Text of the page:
I recently discovered the AMC TV series “The Killing”. There are three seasons of the series available on Netflix. It has proved to be worth watching, especially for the stark, ominous characterizations and the gloomy atmosphere offered by its Seattle, Washington setting. The main characters, detectives investigating a murder, with a mayoral race occurring during their investigation, are dark and introverted, with dreary, rainy Seattle as a somber backdrop.
Mirielle Enos has mastered the brooding, somewhat emotionally damaged persona of the mysterious detective. Her character is a former foster kid with bad memories of a childhood spent bouncing from foster homes to child protective services. She is an example of the silent, gloomy investigator with her nervous idiosyncrasies who can’t stop obsessing over the victims and their killers.
While watching the series, I got a somber Scandinavian vibe from the whole production, which is why I was not surprised, upon further investigation on IMDB (the Internet Movie Database), to learn that the show is an adaptation of the Norwegian series “Forbrydelsen” (The Crime), created by Veena Sud. The series has been cancelled and revived, and cancelled yet again by AMC over three seasons, but Netflix has revived it for a fourth (and probably final) season.
But it’s worth the watching. Although the crimes are solved at the agonizing speed of watching paint dry, the drama is stark and evokes an atmosphere so realistically epitomized by the Swedes in the Wallander series by Henning Mankell, as well as in the female character of Lisbeth Salander in Stieg Larsson’s Dragon Tattoo trilogy. The characters are not the slick, wise-talking cops of the American crime genre, but rather more akin to the disaffected, flawed detectives of the stark, slow-paced Swedish version of film making.
Enos, as Detective Sarah Linden, shows the head-down, forge-ahead dedication of the committed detective, hell-bent on solving the crime at all costs. At times her dedication can be a little annoying, as when she shelves her responsibilities as mother to her sullen adolescent son in favor of sitting through a stake-out with her partner, leaving the boy on his own a little too often and opening her up to accusations of being an inadequate parent. At times her focus can be obsessive and she is often at odds with her superiors over her refusal to operate within department parameters.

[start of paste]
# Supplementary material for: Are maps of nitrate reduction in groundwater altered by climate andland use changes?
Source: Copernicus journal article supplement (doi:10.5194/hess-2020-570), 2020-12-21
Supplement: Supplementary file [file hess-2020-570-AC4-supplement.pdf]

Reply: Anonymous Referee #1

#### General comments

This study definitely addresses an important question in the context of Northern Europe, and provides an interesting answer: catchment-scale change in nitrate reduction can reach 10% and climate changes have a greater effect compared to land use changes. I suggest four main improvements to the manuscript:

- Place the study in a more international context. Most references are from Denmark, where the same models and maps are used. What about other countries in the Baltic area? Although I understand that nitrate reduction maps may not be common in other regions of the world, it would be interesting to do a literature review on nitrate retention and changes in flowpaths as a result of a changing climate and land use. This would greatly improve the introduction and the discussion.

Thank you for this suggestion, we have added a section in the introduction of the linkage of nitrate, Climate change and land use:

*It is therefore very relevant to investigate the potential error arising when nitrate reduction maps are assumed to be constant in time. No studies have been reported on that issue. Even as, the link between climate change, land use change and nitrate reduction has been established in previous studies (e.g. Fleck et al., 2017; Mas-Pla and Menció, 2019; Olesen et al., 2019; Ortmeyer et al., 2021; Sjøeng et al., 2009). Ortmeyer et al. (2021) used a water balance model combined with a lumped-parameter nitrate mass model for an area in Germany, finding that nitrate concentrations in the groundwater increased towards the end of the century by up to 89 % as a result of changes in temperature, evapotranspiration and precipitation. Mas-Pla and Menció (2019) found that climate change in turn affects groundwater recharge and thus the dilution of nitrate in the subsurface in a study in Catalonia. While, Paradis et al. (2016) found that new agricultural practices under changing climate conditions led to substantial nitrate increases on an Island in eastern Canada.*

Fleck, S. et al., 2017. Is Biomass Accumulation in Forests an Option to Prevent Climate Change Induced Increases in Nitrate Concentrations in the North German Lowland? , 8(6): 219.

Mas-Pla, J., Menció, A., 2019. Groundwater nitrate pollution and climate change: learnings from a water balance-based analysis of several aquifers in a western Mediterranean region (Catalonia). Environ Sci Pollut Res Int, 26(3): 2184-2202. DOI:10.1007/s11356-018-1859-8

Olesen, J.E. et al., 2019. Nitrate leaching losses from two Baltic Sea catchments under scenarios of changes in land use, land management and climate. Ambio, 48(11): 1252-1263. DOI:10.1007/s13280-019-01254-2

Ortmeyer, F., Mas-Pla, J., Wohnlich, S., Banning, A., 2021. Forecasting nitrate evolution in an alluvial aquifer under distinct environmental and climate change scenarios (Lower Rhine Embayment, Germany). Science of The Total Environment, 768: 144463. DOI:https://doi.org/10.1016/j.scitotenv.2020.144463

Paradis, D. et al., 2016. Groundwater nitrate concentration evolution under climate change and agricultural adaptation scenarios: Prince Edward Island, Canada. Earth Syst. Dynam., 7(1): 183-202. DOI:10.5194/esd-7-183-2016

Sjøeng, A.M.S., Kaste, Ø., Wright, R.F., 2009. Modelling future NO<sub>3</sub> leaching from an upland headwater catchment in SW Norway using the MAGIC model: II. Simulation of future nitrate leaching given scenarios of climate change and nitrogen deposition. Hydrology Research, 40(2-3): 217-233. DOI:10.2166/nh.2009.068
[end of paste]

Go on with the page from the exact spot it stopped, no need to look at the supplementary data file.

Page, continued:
Her co-star, the enigmatic Joel Kinnaman (known in his home country of Sweden as Charles Joel Nordström) plays her partner, Stephen Holder, a sort of hipster cop with a drug-addict past and the nervous, fretful persona of the hankering junky. Though Linden bristles at his interference and attempts at protecting her from her headlong immersion in pursuing criminals, he becomes a sort of hovering guardian angel, assisting her in detecting, while fighting his own demons and trying to avoid relapsing into his addiction.
The first season centers around the death of a young girl, discovered bound in the trunk of a car immersed in a lake. A lot of false leads send the detectives tracking a number of suspects. Rumors abound and everyone has a theory (most of which prove unreliable). A lot of lives are ruined as a consequence of the misdirected focus of the investigation, and those involved (both witnesses and suspects) react by striking back at the police and those under suspicion. Following the action is like playing whack-a-mole; as soon one suspect is eliminated, another pops up.
Billy Campbell, as glib mayoral candidate Darren Richmond, and Tom Butler, as incumbent Mayor Lesley Adams, keep the intrigue of a pending mayoral race going full speed, with the usual scandal-mongering coming into play to muddy the waters of the investigation. The campaign assistants in both camps pull strings and manipulate the investigation in attempts to throw any suspicion off their candidates. It leads to blind alleys, mistaken identities and missed opportunities. And just when you think the case is solved, defeat is snatched from the jaws of victory, and the investigation starts all over again. It can be frustrating, but the characters are so engaging, you want to see more of them.
Watching “The Killing” is a little like reading a good crime novel. You’re glad they caught the killer, but sorry when it ends, and you can’t wait for the next one.